What we get is foreign policy narcissism. The Democrats call it an Iraq policy, but it’s really all about us. "

That's the end of Bobo. And now here’s Bob Herbert:

"The national unemployment rate came in at 4.5 percent last week and was generally characterized as pretty good. But whatever universe those numbers came from, it was not the universe that black men live in.

Black American males inhabit a universe in which joblessness is frequently the norm, where the idea of getting up each morning and going off to work can seem stranger to a lot of men than the dream of hitting the lottery, where the dignity that comes from supporting oneself and one’s family has too often been replaced by a numbing sense of hopelessness.

What I’m talking about is extreme joblessness — joblessness that is coursing through communities and being passed from one generation to another, like a deadly virus.

Forget, for a moment, the official unemployment numbers. They understate the problem of joblessness for all groups. Far more telling is the actual percentage of people in a given segment of the working-age population that is jobless.

Black men who graduate from a four-year college do reasonably well in terms of employment, compared with other ethnic groups. But most black men do not go to college. In big cities, more than half do not even finish high school.

Their employment histories are gruesome. Over the past few years, the percentage of black male high school graduates in their 20s who were jobless (including those who abandoned all efforts to find a job) has ranged from well over a third to roughly 50 percent. Those are the kinds of statistics you get during a depression.

For dropouts, the rates of joblessness are staggering. For black males who left high school without a diploma, the real jobless rate at various times over the past few years has ranged from 59 percent to a breathtaking 72 percent.

“Seventy-two percent jobless!” said Senator Charles Schumer, chairman of Congress’s Joint Economic Committee, which held a hearing last week on joblessness among black men. “This compares to 29 percent of white and 19 percent of Hispanic dropouts.”

Senator Schumer described the problem of black male unemployment as “profound, persistent and perplexing.”

Jobless rates at such sky-high levels don’t just destroy lives, they destroy entire communities. They breed all manner of antisocial behavior, including violent crime. One of the main reasons there are so few black marriages is that there are so many black men who are financially incapable of supporting a family.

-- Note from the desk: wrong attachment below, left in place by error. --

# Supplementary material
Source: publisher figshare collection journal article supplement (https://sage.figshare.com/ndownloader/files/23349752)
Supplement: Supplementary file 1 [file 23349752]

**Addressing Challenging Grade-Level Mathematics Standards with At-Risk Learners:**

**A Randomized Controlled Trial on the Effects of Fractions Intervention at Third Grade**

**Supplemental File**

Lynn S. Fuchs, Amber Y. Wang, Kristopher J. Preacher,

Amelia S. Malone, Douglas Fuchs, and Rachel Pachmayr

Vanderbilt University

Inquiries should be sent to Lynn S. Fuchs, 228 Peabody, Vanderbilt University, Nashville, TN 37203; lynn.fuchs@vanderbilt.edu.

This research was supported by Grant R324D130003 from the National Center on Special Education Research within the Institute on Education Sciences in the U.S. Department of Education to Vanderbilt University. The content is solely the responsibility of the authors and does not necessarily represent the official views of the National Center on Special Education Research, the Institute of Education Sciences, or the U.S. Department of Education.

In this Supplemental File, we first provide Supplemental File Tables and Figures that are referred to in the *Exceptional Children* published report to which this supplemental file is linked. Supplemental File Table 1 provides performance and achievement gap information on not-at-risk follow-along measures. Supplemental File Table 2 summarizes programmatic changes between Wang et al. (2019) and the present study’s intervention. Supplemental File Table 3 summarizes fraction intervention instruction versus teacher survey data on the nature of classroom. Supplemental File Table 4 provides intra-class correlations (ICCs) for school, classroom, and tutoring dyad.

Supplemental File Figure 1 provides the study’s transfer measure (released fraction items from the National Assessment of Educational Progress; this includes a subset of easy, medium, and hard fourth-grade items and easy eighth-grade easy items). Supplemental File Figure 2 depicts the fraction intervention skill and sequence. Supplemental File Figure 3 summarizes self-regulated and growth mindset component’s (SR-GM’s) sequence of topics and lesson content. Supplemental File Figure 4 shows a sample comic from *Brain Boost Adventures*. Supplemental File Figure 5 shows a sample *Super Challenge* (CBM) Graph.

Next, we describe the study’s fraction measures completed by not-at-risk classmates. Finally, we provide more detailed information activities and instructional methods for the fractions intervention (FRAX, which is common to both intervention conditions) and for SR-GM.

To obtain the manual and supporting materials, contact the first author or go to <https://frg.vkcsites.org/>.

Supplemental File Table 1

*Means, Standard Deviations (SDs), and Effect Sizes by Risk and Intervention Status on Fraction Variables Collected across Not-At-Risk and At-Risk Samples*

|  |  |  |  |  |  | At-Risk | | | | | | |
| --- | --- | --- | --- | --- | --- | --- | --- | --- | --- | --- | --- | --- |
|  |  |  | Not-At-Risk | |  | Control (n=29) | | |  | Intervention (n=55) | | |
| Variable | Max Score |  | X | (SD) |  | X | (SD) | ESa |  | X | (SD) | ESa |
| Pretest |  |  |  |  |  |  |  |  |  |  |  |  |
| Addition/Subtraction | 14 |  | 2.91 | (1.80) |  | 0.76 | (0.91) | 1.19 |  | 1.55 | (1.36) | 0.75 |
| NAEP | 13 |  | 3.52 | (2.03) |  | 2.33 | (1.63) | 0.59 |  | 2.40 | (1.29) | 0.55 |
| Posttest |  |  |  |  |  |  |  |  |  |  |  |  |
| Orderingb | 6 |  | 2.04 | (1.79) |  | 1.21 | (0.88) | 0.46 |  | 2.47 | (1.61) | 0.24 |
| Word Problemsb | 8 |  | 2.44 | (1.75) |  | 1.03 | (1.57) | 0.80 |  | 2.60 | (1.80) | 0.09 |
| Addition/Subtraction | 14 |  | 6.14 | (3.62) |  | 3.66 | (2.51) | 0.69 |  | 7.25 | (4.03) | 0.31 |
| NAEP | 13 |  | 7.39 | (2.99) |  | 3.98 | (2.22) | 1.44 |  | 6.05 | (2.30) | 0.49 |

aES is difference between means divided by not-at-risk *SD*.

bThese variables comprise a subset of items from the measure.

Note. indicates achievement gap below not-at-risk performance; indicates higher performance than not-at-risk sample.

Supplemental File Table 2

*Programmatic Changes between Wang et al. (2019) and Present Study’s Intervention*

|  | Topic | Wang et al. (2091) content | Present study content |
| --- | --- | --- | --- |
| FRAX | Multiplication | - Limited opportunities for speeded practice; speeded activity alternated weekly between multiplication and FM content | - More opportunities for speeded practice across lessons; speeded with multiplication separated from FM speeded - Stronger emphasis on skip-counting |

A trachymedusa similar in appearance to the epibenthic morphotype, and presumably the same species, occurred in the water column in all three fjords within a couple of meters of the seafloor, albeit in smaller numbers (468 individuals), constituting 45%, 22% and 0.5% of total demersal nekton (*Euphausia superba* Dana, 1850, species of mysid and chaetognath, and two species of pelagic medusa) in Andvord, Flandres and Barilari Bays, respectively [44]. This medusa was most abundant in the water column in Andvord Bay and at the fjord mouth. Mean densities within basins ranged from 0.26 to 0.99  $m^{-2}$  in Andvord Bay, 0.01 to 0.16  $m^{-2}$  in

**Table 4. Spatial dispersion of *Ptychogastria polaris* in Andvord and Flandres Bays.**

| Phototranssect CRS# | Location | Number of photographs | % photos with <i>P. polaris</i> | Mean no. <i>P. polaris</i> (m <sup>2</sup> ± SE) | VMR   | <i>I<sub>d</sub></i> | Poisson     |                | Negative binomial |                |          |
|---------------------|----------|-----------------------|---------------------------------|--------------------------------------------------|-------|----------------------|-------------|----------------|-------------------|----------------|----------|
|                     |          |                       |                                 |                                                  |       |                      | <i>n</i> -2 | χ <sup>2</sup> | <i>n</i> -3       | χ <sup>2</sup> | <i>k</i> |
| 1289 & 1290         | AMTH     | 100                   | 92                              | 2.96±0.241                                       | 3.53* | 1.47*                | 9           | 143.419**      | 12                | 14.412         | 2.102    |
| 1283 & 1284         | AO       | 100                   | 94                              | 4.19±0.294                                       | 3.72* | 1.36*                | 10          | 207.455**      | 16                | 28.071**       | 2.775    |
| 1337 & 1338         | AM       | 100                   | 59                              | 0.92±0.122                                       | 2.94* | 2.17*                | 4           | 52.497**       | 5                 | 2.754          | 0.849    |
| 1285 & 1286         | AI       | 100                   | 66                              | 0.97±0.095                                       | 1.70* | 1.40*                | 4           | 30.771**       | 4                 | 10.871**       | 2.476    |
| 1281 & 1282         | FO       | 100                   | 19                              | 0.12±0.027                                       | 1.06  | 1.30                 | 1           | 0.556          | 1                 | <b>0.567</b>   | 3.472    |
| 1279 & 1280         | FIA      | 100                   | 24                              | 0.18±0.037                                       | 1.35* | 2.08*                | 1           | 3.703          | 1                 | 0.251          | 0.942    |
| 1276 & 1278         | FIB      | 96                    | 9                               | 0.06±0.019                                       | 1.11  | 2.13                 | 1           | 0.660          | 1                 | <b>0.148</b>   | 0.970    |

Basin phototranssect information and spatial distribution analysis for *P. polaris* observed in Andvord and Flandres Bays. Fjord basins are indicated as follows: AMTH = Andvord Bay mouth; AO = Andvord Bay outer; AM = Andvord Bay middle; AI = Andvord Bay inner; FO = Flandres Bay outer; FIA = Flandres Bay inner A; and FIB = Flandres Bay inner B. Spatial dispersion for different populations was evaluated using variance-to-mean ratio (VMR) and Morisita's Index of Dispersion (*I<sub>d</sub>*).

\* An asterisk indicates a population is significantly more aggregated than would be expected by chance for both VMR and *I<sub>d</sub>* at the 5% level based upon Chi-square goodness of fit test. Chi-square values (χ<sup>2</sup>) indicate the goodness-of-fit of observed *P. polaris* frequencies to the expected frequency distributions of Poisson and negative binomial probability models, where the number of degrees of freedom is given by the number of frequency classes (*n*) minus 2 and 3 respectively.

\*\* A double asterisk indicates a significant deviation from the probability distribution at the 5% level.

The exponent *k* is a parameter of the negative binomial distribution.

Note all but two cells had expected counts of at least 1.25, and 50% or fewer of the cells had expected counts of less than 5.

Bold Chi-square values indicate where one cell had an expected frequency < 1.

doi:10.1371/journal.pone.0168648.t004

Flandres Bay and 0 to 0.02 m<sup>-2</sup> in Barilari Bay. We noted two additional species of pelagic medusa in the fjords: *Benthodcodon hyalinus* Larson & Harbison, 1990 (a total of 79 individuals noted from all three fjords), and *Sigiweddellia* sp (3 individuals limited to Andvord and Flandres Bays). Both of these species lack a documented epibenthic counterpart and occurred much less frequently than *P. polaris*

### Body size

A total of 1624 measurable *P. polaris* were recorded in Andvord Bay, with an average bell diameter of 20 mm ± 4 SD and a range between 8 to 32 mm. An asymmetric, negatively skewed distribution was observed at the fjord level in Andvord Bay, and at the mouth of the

“These numbers should generate a sense of national alarm,” said Senator Schumer.

They haven’t. However much this epidemic of joblessness may hurt, very little is being done about it. According to the Labor Department, only 97,000 new jobs were created in February. That’s not even enough to accommodate new entrants to the work force.

And then there’s the question of who’s getting the new jobs. According to statistics compiled by the Center for Labor Market Studies at Northeastern University in Boston, the only groups that have experienced a growth in jobs since the last recession are older workers and immigrants.

People can howl all they want about how well the economy is doing. The simple truth is that millions of ordinary American workers are in an employment bind. Steady jobs with good benefits are going the way of Ozzie and Harriet. Young workers, especially, are hurting, which diminishes the prospects for the American family. And blacks, particularly black males, are in a deep danger zone.

Instead of addressing this issue constructively, government officials have responded by eviscerating programs that were designed to move young people from disadvantaged backgrounds into the labor market.

Robert Carmona, president of Strive, an organization that helps build job skills, told Senator Schumer’s committee, “What we’ve seen over the last several years is a deliberate disinvestment in programs that do work.”

What’s needed are massive programs of job training and job creation, and a sustained national effort to bolster the education backgrounds of disadvantaged youngsters. So far there has been no political will to do any of that.

You get lip service. But when you walk into the neighborhoods and talk to the young people, you find that very little, if anything, is being done. Which is why the real-world employment environment has become so horrendous for so many."

Here endeth the reading.